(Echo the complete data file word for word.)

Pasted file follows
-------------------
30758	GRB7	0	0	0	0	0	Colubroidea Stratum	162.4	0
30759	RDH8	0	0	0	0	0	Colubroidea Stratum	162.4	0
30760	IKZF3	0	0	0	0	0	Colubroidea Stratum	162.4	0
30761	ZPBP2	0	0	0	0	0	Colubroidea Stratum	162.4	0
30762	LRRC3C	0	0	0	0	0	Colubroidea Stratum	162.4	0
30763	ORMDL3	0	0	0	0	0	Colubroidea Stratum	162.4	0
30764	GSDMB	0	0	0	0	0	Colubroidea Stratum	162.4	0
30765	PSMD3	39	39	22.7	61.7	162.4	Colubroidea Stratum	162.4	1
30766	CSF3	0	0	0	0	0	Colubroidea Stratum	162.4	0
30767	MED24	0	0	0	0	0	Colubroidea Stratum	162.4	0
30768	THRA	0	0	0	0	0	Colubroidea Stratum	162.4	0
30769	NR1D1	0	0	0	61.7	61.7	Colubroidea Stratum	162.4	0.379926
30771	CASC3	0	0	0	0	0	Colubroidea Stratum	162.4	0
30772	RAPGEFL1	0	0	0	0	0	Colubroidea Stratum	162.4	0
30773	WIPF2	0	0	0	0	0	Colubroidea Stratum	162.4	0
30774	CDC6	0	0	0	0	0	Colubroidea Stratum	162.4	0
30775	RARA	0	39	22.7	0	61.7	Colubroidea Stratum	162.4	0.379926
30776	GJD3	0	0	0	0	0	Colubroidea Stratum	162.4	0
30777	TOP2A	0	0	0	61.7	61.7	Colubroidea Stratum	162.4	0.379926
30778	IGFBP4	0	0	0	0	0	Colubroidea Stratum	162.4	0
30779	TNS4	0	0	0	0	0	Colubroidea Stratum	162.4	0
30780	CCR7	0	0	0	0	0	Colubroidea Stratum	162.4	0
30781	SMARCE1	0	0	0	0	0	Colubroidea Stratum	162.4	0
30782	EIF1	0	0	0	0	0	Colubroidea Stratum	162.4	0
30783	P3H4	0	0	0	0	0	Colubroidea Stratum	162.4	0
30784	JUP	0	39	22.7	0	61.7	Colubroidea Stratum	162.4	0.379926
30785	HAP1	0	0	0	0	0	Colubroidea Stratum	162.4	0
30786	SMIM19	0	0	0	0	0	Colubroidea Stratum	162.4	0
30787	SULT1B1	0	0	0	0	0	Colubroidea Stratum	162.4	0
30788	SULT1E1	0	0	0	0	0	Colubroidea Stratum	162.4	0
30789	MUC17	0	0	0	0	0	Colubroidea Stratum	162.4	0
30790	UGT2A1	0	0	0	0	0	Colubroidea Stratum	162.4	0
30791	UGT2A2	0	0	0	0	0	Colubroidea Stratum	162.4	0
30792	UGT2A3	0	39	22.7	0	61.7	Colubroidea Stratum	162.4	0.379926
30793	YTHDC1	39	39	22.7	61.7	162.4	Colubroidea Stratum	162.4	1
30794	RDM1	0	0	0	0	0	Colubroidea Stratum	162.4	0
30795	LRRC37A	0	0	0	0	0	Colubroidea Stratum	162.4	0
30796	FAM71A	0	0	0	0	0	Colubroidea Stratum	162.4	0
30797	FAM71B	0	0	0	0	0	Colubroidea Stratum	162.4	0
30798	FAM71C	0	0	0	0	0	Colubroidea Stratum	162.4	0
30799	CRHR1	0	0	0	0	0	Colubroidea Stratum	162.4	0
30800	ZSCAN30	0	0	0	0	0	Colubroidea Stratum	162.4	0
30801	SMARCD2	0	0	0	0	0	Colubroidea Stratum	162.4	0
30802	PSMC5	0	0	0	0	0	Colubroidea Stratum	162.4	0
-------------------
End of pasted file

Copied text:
30758	GRB7	0	0	0	0	0	Colubroidea Stratum	162.4	0
30759	RDH8	0	0	0	0	0	Colubroidea Stratum	162.4	0
30760	IKZF3	0	0	0	0	0	Colubroidea Stratum	162.4	0
30761	ZPBP2	0	0	0	0	0	Colubroidea Stratum	162.4	0
30762	LRRC3C	0	0	0	0	0	Colubroidea Stratum	162.4	0
30763	ORMDL3	0	0	0	0	0	Colubroidea Stratum	162.4	0
30764	GSDMB	0	0	0	0	0	Colubroidea Stratum	162.4	0
30765	PSMD3	39	39	22.7	61.7	162.4	Colubroidea Stratum	162.4	1
30766	CSF3	0	0	0	0	0	Colubroidea Stratum	162.4	0
30767	MED24	0	0	0	0	0	Colubroidea Stratum	162.4	0
30768	THRA	0	0	0	0	0	Colubroidea Stratum	162.4	0
30769	NR1D1	0	0	0	61.7	61.7	Colubroidea Stratum	162.4	0.379926
30771	CASC3	0	0	0	0	0	Colubroidea Stratum	162.4	0
30772	RAPGEFL1	0	0	0	0	0	Colubroidea Stratum	162.4	0
30773	WIPF2	0	0	0	0	0	Colubroidea Stratum	162.4	0
30774	CDC6	0	0	0	0	0	Colubroidea Stratum	162.4	0
30775	RARA	0	39	22.7	0	61.7	Colubroidea Stratum	162.4	0.379926
30776	GJD3	0	0	0	0	0	Colubroidea Stratum	162.4	0
30777	TOP2A	0	0	0	61.7	61.7	Colubroidea Stratum	162.4	0.379926
30778	IGFBP4	0	0	0	0	0	Colubroidea Stratum	162.4	0
30779	TNS4	0	0	0	0	0	Colubroidea Stratum	162.4	0
30780	CCR7	0	0	0	0	0	Colubroidea Stratum	162.4	0
30781	SMARCE1	0	0	0	0	0	Colubroidea Stratum	162.4	0
30782	EIF1	0	0	0	0	0	Colubroidea Stratum	162.4	0
30783	P3H4	0	0	0	0	0	Colubroidea Stratum	162.4	0
30784	JUP	0	39	22.7	0	61.7	Colubroidea Stratum	162.4	0.379926
30785	HAP1	0	0	0	0	0	Colubroidea Stratum	162.4	0
30786	SMIM19	0	0	0	0	0	Colubroidea Stratum	162.4	0
30787	SULT1B1	0	0	0	0	0	Colubroidea Stratum	162.4	0
30788	SULT1E1	0	0	0	0	0	Colubroidea Stratum	162.4	0
30789	MUC17	0	0	0	0	0	Colubroidea Stratum	162.4	0
30790	UGT2A1	0	0	0	0	0	Colubroidea Stratum	162.4	0
30791	UGT2A2	0	0	0	0	0	Colubroidea Stratum	162.4	0
30792	UGT2A3	0	39	22.7	0	61.7	Colubroidea Stratum	162.4	0.379926
30793	YTHDC1	39	39	22.7	61.7	162.4	Colubroidea Stratum	162.4	1
30794	RDM1	0	0	0	0	0	Colubroidea Stratum	162.4	0
30795	LRRC37A	0	0	0	0	0	Colubroidea Stratum	162.4	0
30796	FAM71A	0	0	0	0	0	Colubroidea Stratum	162.4	0
30797	FAM71B	0	0	0	0	0	Colubroidea Stratum	162.4	0
30798	FAM71C	0	0	0	0	0	Colubroidea Stratum	162.4	0
30799	CRHR1	0	0	0	0	0	Colubroidea Stratum	162.4	0
30800	ZSCAN30	0	0	0	0	0	Colubroidea Stratum	162.4	0
30801	SMARCD2	0	0	0	0	0	Colubroidea Stratum	162.4	0
30802	PSMC5	0	0	0	0	0	Colubroidea Stratum	162.4	0